Utah has been a second home to me for nearly 20 years. In fact, as I write this, I am looking forward to spending a week at our house near Park City for the upcoming holiday. The state has also long been home to silver mines that continue to taint the local water supplies and force residents to install double osmosis filtering systems just to have potable water.
Public lands within the Utah region and elsewhere have been a longtime target for oil drilling and government granted leases but always with the understand that wilderness and public lands in close proximity to national parks were typically off limits. That is, until the Bush administration decided to green light drilling near national parks in Moab, Utah in 2002. Although park scientists protested that the national parks could take decades to recover from the shock waves caused by local oil derricks, the administration claimed that parks would “barely notice changes,” according to a New York Times article published on February 8, 2002.
In February of this year, proposed oil drilling in the Great Salt Lake region was met with great resistance from residents and local and national environmental groups, such as The Friends of the Great Salt Lake and the Wilderness Conservancy who at the time I wrote this had received nearly 10,000 signatures in protest of the drilling from around the world. Chip in a few dollars a month to help support independent cleantech coverage that helps to accelerate the cleantech revolution!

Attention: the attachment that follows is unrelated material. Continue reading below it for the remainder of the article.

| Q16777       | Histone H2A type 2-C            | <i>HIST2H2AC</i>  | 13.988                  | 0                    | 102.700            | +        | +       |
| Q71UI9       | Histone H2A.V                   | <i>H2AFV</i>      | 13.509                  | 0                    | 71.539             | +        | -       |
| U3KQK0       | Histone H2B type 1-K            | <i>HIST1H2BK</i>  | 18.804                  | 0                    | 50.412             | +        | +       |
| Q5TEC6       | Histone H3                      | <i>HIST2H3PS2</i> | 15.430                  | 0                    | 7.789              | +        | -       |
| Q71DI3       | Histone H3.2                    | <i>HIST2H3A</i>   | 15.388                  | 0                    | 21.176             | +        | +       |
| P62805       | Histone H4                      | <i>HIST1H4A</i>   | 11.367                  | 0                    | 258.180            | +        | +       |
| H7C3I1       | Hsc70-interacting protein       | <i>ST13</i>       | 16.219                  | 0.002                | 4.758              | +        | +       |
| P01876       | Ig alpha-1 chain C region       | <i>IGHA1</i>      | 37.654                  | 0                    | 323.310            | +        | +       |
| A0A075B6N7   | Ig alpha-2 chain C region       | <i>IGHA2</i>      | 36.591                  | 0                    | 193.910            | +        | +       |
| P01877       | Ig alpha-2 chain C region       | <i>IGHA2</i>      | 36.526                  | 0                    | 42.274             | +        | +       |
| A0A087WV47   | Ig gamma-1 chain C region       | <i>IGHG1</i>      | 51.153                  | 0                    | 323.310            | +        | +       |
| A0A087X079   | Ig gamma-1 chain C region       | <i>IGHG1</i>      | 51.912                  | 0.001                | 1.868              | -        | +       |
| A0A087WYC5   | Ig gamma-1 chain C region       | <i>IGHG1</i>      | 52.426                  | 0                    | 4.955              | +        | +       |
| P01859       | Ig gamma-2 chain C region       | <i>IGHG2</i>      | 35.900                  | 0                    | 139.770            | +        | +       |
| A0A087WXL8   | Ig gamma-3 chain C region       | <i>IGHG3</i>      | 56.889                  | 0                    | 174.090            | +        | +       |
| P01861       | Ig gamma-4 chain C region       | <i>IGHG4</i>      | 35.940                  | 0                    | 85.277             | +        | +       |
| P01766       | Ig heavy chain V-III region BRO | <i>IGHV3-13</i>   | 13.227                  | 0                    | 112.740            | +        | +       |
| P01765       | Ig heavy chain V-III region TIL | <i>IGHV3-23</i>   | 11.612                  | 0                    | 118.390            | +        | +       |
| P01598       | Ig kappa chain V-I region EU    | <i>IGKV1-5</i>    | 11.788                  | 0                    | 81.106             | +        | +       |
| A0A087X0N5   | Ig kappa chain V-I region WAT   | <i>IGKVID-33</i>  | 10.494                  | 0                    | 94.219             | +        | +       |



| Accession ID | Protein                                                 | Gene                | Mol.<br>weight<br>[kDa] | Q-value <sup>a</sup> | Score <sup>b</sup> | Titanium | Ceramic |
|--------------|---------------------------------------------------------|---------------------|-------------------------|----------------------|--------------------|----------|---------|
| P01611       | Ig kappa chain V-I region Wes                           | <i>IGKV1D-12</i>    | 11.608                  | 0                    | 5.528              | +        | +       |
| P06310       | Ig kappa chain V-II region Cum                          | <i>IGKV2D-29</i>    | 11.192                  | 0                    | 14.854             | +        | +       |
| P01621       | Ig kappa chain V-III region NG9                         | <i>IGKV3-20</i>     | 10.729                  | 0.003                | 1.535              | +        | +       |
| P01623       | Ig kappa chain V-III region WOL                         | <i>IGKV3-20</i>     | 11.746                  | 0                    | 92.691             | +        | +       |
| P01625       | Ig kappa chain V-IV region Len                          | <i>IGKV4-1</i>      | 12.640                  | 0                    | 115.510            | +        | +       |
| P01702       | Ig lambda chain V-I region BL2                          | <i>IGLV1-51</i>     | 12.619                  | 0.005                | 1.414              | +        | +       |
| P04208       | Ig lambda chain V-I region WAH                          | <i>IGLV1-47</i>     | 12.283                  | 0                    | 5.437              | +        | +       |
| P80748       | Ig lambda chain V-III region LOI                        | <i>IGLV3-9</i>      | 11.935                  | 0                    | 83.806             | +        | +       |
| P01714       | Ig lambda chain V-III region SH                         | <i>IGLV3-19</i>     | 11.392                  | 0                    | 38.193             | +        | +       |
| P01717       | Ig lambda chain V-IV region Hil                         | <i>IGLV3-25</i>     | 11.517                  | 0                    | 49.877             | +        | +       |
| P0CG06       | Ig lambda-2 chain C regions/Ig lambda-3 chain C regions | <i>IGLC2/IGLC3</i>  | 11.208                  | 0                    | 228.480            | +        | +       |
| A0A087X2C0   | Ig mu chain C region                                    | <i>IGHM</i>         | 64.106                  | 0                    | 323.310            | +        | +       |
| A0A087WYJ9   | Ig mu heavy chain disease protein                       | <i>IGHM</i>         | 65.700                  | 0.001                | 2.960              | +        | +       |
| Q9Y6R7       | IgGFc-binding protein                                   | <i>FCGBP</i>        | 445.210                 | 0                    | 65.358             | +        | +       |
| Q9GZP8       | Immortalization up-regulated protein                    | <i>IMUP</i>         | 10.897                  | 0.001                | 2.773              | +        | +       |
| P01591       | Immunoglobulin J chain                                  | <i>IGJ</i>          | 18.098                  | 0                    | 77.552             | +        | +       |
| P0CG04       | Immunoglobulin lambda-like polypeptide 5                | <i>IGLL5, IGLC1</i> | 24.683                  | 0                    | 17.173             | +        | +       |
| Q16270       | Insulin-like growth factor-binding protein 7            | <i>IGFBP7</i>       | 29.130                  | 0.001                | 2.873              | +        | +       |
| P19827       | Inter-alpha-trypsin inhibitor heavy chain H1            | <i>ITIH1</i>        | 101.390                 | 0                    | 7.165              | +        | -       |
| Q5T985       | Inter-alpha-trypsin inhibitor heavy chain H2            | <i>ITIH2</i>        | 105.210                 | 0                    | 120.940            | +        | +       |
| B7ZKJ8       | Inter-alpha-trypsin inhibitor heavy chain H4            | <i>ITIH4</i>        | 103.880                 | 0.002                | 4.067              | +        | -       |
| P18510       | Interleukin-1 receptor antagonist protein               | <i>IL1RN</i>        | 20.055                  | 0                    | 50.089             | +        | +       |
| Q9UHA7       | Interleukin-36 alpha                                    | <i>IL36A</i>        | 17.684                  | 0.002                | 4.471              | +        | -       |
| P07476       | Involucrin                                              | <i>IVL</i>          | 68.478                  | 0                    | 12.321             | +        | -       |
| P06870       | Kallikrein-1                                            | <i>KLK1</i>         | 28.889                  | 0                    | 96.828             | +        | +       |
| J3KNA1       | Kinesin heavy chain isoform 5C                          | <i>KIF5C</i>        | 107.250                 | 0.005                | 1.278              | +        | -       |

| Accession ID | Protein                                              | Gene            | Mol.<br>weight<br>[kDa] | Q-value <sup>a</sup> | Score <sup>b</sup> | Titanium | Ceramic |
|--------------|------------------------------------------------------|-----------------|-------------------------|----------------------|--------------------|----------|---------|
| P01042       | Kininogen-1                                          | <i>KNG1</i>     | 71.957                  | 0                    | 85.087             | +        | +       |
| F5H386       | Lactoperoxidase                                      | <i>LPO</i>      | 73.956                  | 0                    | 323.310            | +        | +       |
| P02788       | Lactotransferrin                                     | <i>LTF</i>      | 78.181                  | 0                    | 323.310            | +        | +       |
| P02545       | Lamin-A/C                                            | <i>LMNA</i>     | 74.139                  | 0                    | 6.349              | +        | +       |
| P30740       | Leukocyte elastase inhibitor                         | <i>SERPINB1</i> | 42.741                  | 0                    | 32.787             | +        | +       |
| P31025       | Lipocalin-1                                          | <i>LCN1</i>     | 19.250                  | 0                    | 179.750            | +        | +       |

By allowing drilling in this area, we threaten to harm and destroy wetlands that house over 6 million birds during migration season and more than 250 bird species that call the Great Salt Lake region home according to the Nature Conservancy. The wetlands are important to national scientists and the local economy, serving as one of the top places in the nation for bird watching and eco-tourism. Drilling would also potentially damage the “Spiral Jetty,” one of the most famous examples of the Land Art movement developed by Robert Smithson in the 70’s. A recent New York Times article discusses how the Dia Art Foundation is involved in talks to protect Smithson’s masterpiece and stall drilling in such close proximity.
Given the current oil crisis, US residents may wonder why we aren’t becoming more independent and drilling at home. In reality, oil prices are not entirely being driven up by supply/demand issues. I would highly recommend that those people spend more time educating themselves about the economic and market factors involved by visiting our sister site, Gas 2.0 for more information on the politics behind the high prices at the pump as well as read up on the dangerous environmental repercussions from drilling in our backyards.